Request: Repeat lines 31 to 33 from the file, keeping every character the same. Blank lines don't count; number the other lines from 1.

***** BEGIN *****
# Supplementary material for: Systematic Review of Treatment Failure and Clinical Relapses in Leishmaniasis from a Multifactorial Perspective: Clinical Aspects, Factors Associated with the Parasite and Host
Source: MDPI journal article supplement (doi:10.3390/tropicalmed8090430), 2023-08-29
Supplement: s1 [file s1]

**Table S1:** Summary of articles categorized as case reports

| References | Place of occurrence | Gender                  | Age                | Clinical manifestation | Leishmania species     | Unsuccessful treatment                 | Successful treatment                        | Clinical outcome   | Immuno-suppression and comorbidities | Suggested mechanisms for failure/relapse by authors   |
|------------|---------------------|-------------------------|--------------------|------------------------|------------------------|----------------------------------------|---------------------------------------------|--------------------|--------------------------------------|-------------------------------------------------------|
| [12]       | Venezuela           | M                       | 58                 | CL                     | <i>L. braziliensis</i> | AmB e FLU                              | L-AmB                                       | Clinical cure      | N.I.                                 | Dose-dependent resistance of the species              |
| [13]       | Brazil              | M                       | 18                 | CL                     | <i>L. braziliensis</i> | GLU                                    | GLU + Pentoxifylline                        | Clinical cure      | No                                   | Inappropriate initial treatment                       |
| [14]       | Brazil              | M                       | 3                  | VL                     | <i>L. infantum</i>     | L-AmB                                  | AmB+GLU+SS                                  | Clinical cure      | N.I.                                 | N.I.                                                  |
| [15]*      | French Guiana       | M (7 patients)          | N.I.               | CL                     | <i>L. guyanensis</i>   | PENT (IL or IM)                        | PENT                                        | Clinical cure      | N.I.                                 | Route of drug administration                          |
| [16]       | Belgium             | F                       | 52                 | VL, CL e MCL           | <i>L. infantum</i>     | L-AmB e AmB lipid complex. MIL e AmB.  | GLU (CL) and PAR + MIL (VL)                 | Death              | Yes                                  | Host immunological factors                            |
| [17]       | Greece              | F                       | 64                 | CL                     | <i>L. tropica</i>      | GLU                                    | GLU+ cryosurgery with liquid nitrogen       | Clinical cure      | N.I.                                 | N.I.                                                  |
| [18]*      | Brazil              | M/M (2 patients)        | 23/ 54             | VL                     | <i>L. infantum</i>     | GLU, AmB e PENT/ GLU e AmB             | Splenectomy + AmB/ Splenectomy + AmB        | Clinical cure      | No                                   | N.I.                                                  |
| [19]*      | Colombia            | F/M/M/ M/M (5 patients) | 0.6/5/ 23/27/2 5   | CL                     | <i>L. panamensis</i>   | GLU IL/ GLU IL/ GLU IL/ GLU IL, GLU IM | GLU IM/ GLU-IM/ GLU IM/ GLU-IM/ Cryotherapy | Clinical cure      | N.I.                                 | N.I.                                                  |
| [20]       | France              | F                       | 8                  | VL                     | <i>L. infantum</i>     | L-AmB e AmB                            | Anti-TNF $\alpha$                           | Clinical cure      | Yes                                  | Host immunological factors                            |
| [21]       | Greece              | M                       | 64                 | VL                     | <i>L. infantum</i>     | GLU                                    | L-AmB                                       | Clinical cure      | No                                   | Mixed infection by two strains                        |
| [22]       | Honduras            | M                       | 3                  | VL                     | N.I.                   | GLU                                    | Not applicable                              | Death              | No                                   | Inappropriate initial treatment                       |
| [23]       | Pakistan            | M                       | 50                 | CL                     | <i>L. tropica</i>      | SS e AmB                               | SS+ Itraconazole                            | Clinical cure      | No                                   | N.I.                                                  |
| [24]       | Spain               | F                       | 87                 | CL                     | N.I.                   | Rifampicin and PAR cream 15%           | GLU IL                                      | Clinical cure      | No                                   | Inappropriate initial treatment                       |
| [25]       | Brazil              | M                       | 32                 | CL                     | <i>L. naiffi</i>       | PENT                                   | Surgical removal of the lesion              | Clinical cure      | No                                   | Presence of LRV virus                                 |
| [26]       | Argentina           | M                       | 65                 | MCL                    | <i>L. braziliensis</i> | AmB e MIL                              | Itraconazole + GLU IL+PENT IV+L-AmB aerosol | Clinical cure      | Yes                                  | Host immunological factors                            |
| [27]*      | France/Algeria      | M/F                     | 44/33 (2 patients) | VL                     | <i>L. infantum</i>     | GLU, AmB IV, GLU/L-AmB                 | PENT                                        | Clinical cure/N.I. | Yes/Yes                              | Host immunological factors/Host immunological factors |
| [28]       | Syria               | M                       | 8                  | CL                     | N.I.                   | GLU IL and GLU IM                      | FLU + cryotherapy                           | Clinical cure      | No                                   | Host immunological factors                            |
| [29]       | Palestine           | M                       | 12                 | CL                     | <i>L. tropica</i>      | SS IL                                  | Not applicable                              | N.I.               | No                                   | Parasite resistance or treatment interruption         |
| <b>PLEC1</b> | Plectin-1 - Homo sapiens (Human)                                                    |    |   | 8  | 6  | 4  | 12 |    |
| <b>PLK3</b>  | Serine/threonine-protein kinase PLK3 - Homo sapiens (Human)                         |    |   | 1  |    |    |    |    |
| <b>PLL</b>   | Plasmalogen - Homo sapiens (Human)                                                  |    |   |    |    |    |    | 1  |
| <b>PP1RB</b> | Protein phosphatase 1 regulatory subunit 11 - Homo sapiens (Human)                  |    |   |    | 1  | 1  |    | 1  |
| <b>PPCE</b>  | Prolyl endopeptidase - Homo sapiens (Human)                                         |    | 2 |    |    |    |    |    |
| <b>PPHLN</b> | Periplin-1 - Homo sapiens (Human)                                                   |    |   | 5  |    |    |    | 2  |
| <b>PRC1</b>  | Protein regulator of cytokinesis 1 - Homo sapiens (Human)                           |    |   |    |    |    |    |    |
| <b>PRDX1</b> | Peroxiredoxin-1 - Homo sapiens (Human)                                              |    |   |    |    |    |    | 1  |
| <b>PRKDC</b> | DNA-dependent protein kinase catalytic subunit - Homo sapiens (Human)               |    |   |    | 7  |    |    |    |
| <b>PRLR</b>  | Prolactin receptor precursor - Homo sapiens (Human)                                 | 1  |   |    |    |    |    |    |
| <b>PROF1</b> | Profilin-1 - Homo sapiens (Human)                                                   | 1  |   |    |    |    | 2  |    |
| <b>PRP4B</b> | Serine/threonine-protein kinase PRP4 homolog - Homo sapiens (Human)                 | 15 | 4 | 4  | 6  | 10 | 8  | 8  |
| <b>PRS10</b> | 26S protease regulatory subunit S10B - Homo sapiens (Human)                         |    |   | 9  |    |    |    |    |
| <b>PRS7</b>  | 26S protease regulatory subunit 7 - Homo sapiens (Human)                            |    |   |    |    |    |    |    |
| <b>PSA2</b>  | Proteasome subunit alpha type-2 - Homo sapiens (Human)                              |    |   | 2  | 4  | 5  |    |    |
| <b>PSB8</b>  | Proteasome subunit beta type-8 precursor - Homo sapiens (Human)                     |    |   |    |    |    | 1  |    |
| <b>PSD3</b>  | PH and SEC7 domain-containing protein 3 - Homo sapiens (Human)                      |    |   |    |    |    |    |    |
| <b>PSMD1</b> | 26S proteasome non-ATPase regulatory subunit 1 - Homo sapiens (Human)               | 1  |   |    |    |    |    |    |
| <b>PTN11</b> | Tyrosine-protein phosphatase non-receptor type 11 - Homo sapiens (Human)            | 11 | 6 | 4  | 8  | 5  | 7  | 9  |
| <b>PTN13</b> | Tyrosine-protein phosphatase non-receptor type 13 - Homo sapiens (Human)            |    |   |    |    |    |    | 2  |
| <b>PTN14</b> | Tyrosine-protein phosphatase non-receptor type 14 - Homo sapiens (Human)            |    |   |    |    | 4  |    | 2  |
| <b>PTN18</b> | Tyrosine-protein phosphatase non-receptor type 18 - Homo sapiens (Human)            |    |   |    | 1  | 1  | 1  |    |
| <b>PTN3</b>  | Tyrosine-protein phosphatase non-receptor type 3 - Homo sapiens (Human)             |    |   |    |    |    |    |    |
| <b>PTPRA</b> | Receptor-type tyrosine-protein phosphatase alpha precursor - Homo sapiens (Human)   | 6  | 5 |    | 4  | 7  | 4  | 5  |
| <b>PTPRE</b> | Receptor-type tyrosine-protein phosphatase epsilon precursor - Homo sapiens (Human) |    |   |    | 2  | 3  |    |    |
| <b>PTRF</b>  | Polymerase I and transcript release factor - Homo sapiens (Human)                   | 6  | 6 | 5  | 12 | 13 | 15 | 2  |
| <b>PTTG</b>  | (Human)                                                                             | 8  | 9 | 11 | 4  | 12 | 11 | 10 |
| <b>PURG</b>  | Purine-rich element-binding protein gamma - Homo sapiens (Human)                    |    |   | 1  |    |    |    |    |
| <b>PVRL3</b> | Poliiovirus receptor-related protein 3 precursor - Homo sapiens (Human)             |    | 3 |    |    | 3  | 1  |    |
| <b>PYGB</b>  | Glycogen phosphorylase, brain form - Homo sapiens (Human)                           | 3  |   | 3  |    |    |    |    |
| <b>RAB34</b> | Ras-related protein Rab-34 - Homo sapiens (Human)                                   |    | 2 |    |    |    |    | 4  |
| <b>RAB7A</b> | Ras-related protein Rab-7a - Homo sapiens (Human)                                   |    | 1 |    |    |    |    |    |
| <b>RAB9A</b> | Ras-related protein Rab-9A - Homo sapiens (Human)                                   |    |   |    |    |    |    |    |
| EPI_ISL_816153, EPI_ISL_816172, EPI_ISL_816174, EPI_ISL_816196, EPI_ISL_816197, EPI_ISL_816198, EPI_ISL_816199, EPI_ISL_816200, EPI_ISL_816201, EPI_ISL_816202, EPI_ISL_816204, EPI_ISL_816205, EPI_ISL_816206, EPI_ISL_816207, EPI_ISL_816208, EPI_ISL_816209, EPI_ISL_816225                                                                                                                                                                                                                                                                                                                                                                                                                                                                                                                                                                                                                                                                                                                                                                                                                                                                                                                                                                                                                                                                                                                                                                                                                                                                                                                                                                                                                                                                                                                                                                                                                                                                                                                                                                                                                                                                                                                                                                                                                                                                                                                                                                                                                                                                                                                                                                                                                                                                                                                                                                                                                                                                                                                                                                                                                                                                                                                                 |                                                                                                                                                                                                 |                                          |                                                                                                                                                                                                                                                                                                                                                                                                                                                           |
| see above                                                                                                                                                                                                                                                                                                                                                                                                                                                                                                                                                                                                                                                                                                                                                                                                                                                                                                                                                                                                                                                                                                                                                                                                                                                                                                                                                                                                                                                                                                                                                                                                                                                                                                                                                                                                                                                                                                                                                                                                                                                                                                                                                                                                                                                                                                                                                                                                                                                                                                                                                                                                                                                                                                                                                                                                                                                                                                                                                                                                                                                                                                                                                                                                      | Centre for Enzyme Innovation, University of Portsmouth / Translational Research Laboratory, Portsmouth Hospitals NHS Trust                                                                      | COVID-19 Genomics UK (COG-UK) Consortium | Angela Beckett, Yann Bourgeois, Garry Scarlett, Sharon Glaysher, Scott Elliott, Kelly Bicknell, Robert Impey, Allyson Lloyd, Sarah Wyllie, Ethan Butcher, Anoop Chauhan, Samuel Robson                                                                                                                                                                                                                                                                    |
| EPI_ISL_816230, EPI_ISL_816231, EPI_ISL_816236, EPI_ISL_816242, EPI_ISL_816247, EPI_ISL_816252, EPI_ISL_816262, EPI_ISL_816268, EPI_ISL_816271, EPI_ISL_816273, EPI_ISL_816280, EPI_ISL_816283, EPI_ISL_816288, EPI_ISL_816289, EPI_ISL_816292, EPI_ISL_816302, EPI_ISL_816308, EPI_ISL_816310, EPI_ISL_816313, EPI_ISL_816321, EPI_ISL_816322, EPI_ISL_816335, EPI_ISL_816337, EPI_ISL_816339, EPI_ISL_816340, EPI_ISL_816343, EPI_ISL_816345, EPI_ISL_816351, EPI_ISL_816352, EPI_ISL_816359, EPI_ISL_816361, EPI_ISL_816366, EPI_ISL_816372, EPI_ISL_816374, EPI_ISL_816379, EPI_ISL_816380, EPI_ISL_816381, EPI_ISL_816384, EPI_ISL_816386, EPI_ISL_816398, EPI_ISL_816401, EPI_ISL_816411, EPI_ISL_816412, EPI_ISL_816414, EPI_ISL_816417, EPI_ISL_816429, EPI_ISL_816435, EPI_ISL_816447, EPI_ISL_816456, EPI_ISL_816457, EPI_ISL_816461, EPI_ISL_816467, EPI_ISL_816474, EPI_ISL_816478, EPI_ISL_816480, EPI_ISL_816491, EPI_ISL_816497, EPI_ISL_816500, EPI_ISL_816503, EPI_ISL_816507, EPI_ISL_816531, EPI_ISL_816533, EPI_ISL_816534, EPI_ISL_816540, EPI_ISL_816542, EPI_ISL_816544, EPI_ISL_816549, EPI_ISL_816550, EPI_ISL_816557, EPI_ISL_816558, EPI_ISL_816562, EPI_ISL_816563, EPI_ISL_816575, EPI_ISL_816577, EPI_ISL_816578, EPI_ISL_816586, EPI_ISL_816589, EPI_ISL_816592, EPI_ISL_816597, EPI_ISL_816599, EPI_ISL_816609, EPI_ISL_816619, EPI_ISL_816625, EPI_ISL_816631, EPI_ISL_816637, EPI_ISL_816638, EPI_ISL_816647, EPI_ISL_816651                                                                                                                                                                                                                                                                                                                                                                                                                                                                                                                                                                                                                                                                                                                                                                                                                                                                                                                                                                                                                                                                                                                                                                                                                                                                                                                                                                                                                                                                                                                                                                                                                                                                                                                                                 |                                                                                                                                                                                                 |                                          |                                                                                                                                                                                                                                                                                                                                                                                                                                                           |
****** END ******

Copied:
| <b>PRC1</b>  | Protein regulator of cytokinesis 1 - Homo sapiens (Human)                           |    |   |    |    |    |    |    |
| <b>PRDX1</b> | Peroxiredoxin-1 - Homo sapiens (Human)                                              |    |   |    |    |    |    | 1  |
| <b>PRKDC</b> | DNA-dependent protein kinase catalytic subunit - Homo sapiens (Human)               |    |   |    | 7  |    |    |    |